Software kits, such as those listed in CNN.com's Top 10 Y2K fixes for your PC: ("most ... free") which was topped by the $50 Millennium Bug Kit.
Date servers where Call statements are used to access, add or update date fields.
On 1 January 1999, taxi meters in Singapore stopped working, while in Sweden, incorrect taxi fares were given.
At midnight on 1 January 1999, at three airports in Sweden, computers that police used to generate temporary passports stopped working.
In November 1999, approximately 500 residents in Philadelphia received jury duty summonses for dates in 1900.
In December 1999, in the United Kingdom, a software upgrade intended to make computers Y2K compliant prevented social services in Bedfordshire from finding if anyone in their care was over 100 years old, since computers failed to recognize the dates of birth being searched.
In late December 1999, Telecom Italia (now Gruppo TIM), Italy's largest telecom company, sent a bill for January and February 1900. The company stated this was a one-time error and that it had recently ensured its systems would be compatible with the year rollover.
On 28 December 1999, 10,000 card swipe machines issued by HSBC and manufactured by Racal stopped processing credit and debit card transactions. This was limited to machines in the United Kingdom, and was the result of the machines being designed to ensure transactions had been completed within four business days; from 28 to 31 December they interpreted the future dates to be in the year 1900. Stores with these machines relied on paper transactions until they started working again on 1 January.
On 31 December, at 7:00 pm EST, as a direct result of a patch intended to prevent the Y2K glitch, computers at a ground control station in Fort Belvoir, Virginia crashed and ceased processing information from five spy satellites, including three KH-11 satellites. The military implemented a contingency plan by 03:00 am by diverting their feeds and manually decoding the scrambled information, from which they were able produce a limited dataset. All normal functionality was restored at 11:45 pm on 2 January 2000.
On 1 January 2000
When 1 January 2000 arrived, there were problems generally regarded as minor. Consequences did not always result exactly at midnight. Some programs were not active at that moment and problems would only show up when they were invoked. Not all problems recorded were directly linked to Y2K programming in a causality; minor technological glitches occur on a regular basis.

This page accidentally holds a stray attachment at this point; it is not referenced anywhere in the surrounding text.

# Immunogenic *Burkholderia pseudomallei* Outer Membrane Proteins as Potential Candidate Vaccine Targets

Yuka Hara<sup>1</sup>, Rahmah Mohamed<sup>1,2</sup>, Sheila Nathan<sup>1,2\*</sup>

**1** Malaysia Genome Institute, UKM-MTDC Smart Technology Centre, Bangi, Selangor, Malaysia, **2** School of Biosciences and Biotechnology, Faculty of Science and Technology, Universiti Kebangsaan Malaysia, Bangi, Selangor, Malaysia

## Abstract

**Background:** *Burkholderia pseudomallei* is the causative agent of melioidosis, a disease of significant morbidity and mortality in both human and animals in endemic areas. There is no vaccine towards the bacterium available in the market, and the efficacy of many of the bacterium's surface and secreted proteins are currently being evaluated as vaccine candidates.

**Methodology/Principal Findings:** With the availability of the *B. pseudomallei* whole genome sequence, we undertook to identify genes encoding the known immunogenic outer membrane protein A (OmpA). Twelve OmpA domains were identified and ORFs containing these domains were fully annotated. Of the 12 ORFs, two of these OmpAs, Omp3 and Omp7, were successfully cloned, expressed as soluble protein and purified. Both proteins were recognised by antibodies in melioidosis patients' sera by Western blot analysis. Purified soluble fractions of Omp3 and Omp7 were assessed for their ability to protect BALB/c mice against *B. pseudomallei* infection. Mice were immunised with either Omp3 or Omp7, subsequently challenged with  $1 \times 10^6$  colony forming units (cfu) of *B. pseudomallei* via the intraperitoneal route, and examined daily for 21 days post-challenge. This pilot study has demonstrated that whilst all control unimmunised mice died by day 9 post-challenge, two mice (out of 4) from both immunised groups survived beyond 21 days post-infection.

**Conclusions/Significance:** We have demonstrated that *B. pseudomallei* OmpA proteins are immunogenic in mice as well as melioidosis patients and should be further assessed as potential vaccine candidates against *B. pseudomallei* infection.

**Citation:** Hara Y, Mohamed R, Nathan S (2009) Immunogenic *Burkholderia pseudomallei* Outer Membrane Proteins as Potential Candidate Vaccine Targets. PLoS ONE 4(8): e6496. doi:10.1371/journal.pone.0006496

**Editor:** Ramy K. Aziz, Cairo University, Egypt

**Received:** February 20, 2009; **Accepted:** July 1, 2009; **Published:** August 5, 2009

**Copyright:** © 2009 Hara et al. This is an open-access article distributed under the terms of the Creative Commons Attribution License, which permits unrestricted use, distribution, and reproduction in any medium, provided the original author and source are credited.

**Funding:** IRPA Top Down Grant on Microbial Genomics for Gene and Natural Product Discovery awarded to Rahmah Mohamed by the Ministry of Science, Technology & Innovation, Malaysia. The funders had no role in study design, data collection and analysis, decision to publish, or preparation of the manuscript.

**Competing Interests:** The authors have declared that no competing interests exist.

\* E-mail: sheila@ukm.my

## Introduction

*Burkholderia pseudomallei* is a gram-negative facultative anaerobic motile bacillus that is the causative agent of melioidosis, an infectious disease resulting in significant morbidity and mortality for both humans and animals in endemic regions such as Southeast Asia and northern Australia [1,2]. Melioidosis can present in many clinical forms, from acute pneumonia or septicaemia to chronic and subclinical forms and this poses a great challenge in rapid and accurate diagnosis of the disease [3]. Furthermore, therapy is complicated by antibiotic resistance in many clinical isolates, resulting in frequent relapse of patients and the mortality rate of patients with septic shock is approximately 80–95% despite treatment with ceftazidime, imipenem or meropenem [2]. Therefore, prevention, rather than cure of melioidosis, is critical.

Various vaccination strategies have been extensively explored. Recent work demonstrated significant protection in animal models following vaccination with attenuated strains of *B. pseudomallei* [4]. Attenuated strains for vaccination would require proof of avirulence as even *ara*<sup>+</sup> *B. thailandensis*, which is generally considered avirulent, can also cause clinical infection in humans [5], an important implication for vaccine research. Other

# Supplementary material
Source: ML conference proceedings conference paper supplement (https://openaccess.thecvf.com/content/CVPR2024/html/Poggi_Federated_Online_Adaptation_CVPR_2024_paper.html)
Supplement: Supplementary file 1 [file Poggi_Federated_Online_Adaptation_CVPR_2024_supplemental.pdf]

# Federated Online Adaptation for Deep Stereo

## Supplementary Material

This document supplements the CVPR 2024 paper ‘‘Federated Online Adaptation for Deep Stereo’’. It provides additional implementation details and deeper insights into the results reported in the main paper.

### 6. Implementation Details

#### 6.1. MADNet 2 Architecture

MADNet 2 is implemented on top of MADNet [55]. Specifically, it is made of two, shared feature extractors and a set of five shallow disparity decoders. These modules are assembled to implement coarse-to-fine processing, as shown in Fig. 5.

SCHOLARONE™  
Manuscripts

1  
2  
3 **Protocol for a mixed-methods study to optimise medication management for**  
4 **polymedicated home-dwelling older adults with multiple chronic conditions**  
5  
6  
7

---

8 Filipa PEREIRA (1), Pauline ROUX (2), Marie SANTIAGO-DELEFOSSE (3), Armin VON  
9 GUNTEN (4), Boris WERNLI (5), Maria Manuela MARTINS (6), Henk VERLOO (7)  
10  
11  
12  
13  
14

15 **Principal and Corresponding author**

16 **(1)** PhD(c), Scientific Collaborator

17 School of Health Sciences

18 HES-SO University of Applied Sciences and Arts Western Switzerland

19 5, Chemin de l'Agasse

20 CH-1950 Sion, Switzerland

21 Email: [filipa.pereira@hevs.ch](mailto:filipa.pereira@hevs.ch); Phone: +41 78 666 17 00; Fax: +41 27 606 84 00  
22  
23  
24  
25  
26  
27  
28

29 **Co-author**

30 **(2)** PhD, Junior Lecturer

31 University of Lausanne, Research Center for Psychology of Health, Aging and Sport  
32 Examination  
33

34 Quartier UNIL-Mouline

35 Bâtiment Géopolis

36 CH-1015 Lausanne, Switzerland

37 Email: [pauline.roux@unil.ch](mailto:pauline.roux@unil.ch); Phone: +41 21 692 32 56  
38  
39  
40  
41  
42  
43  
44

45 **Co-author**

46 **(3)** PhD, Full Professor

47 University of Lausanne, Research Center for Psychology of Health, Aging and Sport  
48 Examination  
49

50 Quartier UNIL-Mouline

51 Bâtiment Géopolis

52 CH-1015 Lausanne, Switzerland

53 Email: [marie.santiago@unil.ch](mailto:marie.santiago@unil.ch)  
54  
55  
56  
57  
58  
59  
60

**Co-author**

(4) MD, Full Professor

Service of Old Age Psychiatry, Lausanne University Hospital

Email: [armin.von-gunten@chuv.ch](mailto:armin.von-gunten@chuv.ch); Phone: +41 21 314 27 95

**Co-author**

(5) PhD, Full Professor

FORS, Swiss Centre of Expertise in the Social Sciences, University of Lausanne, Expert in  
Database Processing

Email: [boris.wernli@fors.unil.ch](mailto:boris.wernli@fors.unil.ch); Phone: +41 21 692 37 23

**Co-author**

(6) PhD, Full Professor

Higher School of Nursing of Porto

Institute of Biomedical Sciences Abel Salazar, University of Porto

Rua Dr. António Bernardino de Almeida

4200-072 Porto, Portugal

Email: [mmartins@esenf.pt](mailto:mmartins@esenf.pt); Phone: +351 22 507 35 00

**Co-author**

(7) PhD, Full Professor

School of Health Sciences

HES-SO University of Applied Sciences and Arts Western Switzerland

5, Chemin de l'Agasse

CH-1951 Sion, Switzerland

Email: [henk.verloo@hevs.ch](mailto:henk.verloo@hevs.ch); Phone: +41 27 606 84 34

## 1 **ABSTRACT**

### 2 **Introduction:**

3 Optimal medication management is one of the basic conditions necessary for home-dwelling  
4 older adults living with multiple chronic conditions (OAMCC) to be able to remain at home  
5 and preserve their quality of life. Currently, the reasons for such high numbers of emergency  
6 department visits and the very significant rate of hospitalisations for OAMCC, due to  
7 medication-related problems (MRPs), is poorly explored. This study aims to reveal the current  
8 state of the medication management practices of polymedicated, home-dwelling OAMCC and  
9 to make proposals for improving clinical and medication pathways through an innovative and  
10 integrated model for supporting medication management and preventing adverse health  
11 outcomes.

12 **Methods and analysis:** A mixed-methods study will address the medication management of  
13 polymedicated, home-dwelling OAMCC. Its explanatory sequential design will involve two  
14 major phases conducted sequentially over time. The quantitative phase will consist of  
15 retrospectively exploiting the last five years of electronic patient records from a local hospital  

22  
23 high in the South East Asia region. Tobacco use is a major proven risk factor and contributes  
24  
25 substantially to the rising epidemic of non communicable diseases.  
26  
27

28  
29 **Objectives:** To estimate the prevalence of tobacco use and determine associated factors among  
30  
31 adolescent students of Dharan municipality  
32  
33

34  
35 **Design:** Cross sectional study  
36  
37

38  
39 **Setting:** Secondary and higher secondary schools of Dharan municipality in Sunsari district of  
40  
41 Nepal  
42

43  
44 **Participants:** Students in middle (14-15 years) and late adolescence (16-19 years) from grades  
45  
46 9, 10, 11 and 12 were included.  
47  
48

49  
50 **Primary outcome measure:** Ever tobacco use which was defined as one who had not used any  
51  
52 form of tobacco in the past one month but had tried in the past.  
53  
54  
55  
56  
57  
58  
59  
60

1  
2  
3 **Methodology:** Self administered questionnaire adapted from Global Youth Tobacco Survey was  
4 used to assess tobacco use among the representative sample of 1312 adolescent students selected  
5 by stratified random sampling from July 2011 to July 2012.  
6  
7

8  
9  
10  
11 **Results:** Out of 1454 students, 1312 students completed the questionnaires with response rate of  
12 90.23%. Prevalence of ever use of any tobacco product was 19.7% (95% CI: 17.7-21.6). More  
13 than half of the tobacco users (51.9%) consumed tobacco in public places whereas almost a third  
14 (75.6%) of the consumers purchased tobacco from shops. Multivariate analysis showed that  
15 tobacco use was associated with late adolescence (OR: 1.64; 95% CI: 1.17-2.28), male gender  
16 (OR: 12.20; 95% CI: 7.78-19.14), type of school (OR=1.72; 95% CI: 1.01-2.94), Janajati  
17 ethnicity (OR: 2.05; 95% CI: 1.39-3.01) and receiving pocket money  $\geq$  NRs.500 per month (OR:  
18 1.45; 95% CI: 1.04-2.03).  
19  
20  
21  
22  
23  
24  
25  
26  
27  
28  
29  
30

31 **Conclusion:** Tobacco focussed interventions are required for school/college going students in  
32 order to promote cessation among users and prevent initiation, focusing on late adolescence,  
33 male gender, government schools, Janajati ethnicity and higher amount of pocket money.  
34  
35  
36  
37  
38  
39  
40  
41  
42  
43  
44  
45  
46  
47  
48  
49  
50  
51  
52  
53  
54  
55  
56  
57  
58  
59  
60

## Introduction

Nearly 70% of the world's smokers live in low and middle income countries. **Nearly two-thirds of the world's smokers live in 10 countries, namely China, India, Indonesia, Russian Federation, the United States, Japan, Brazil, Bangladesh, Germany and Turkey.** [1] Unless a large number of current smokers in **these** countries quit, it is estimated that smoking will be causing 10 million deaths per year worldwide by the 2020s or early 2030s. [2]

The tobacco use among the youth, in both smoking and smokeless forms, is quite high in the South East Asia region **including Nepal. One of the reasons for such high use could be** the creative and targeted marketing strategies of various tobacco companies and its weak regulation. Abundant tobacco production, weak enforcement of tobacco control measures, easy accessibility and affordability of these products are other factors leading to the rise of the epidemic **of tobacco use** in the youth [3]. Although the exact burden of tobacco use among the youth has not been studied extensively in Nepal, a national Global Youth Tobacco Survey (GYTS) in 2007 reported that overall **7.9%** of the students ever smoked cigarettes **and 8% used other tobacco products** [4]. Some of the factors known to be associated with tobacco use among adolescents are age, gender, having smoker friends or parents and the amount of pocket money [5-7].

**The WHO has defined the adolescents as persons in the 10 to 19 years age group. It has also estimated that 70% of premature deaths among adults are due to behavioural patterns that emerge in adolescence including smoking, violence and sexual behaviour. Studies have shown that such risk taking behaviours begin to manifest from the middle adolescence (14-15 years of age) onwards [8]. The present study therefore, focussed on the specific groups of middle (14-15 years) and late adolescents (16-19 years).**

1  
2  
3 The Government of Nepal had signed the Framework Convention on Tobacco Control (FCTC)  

Reported problems include:
In Australia, bus ticket validation machines in two states failed to operate.
In Japan, at two minutes past midnight, the telecommunications carrier Osaka Media Port found date management mistakes in their network. A spokesman said they had resolved the issue by 02:43 and did not interfere with operations.
In Japan, NTT Mobile Communications Network (NTT Docomo), Japan's largest cellular operator, reported that some models of mobile telephones were deleting new messages received, rather than the older messages, as the memory filled up.
In South Korea, at midnight 902 ondol heating systems and water heating failed at an apartment building near Seoul; the ondol systems were down for 19 hours and would only work when manually controlled, while the water heating took 24 hours to restart. Additionally, two hospitals in Gyeonggi Province and another in the city of Daegu reported equipment malfunctions, with one accidentally registering a newborn as having been born in 1900, and a court in Suwon sent out notifications containing a trial date for 4 January 1900.
In South Korea, a video store in Gwangju accidentally generated a late fee of approximately 8 million won (approximately $7,000 US dollars) because the store's computer determined a tape rental to be 100 years overdue. South Korean authorities stated the computer was a model anticipated to be incompatible with the year rollover, and had not undergone the software upgrades necessary to make it compliant.
In Greece, approximately 30,000 cash registers, amounting to around 10% of the country's total, printed receipts with dates in 1900.